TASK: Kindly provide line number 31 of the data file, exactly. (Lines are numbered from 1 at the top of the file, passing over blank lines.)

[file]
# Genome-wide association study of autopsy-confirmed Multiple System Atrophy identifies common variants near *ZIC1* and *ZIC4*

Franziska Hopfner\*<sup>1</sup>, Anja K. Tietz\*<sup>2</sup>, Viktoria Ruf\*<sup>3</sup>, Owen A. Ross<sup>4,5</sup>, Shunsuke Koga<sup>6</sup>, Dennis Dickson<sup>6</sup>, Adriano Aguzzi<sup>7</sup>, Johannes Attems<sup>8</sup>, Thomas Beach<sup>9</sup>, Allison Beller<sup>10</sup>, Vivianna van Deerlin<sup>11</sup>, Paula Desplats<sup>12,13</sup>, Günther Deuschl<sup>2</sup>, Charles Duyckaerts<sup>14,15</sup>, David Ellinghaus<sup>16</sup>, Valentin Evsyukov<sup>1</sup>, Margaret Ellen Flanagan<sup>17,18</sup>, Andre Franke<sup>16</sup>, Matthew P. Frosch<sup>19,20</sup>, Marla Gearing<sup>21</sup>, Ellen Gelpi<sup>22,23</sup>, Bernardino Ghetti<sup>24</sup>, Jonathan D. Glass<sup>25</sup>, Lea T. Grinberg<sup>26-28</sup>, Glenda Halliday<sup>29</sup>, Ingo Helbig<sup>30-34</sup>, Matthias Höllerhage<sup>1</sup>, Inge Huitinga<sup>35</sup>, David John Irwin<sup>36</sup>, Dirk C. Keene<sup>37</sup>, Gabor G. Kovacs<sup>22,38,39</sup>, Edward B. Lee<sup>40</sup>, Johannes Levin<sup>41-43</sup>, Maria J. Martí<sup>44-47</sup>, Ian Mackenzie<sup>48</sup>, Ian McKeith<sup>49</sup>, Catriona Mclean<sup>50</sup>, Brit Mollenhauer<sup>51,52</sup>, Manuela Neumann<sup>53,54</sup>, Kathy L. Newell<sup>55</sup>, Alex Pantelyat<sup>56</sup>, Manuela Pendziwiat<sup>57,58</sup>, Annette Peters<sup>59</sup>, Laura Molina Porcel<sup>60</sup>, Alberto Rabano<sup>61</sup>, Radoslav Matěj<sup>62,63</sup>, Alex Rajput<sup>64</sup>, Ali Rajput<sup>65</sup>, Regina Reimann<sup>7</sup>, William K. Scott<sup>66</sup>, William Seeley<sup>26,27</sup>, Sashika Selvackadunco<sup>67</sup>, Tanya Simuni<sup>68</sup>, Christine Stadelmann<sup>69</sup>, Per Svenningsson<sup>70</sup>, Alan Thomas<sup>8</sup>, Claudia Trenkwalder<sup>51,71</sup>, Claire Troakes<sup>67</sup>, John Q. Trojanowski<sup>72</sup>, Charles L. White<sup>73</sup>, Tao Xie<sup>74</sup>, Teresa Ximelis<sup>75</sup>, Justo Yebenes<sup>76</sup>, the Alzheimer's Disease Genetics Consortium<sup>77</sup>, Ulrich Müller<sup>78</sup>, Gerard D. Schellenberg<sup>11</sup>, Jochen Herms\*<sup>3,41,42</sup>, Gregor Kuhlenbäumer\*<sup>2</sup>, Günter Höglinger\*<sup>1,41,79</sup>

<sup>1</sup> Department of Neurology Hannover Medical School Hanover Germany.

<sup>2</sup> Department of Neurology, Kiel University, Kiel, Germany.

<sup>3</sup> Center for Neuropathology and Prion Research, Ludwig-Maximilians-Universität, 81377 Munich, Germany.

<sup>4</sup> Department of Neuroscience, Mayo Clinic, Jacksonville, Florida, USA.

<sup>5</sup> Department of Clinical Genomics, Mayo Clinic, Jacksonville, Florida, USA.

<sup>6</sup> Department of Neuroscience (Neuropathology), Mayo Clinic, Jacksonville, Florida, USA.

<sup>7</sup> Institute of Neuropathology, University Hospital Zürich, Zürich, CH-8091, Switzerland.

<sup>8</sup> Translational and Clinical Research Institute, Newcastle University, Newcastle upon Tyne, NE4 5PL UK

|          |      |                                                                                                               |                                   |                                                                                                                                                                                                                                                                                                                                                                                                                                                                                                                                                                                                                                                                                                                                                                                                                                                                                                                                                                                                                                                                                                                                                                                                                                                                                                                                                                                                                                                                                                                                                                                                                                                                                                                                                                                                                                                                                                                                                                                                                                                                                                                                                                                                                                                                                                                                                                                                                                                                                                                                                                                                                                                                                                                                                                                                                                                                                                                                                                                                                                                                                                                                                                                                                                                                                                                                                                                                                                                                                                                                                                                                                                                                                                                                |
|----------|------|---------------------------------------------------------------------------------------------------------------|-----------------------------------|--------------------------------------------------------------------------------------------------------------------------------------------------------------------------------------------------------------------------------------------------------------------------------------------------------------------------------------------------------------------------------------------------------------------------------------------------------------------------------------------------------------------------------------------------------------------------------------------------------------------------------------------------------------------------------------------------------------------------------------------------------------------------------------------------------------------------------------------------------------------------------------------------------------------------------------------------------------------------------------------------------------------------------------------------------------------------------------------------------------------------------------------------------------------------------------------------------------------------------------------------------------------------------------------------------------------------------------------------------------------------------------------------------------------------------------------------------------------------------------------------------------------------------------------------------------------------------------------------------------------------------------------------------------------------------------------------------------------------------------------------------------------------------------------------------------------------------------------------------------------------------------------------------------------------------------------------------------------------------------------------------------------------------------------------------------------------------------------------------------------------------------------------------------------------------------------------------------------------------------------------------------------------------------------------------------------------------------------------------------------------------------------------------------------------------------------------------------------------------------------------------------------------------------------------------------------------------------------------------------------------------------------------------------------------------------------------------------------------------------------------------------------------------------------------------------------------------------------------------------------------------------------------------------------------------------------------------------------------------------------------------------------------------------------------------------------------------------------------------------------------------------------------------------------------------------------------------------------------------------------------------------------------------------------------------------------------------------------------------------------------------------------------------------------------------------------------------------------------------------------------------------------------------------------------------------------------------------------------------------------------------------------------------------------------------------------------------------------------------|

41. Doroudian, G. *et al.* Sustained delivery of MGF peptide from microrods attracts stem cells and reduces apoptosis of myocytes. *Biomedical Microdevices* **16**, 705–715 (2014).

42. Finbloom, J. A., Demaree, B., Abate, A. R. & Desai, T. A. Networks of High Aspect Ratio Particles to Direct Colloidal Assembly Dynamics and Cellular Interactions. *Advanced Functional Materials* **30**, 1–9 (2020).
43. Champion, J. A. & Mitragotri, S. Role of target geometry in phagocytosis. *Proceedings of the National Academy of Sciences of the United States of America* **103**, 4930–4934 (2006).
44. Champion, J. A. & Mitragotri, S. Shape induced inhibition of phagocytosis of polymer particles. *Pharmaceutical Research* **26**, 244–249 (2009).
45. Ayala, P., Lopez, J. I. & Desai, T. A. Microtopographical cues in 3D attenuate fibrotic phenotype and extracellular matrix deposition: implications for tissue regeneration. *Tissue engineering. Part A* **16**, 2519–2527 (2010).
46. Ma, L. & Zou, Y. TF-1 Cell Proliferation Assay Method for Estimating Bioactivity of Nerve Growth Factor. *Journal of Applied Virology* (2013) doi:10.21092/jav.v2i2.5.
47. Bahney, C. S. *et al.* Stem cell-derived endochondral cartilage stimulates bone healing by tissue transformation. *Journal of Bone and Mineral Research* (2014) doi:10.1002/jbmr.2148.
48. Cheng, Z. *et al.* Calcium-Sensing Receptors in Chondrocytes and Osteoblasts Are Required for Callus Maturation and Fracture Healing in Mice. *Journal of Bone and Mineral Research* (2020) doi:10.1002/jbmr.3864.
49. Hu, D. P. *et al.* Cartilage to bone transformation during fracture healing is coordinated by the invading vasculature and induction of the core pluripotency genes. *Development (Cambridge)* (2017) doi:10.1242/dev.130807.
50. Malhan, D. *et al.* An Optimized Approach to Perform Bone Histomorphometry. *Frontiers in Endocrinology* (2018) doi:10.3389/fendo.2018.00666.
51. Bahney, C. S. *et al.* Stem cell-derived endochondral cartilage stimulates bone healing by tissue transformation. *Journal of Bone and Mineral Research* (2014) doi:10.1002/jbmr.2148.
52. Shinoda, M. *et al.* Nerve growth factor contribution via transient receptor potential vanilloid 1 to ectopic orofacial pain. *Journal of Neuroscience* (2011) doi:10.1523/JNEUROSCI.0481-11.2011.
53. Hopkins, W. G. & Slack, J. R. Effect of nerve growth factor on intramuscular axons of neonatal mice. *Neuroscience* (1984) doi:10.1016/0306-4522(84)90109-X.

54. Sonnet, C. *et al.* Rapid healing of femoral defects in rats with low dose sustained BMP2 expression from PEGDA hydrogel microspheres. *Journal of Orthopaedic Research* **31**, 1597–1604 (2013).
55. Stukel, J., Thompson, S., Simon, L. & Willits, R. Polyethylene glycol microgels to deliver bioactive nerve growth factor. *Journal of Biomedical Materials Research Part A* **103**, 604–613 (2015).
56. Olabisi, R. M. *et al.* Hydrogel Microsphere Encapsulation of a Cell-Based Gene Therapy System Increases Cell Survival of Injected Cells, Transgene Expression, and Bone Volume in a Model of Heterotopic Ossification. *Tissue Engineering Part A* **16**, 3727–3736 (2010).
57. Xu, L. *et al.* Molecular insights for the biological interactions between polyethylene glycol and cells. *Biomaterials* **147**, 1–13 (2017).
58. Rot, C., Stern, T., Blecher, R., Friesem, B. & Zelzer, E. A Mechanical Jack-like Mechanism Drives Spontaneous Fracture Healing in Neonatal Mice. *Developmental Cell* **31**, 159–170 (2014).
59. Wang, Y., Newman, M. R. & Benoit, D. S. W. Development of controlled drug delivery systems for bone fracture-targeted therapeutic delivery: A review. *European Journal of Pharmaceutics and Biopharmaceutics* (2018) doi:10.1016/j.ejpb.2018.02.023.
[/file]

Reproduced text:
59. Wang, Y., Newman, M. R. & Benoit, D. S. W. Development of controlled drug delivery systems for bone fracture-targeted therapeutic delivery: A review. *European Journal of Pharmaceutics and Biopharmaceutics* (2018) doi:10.1016/j.ejpb.2018.02.023.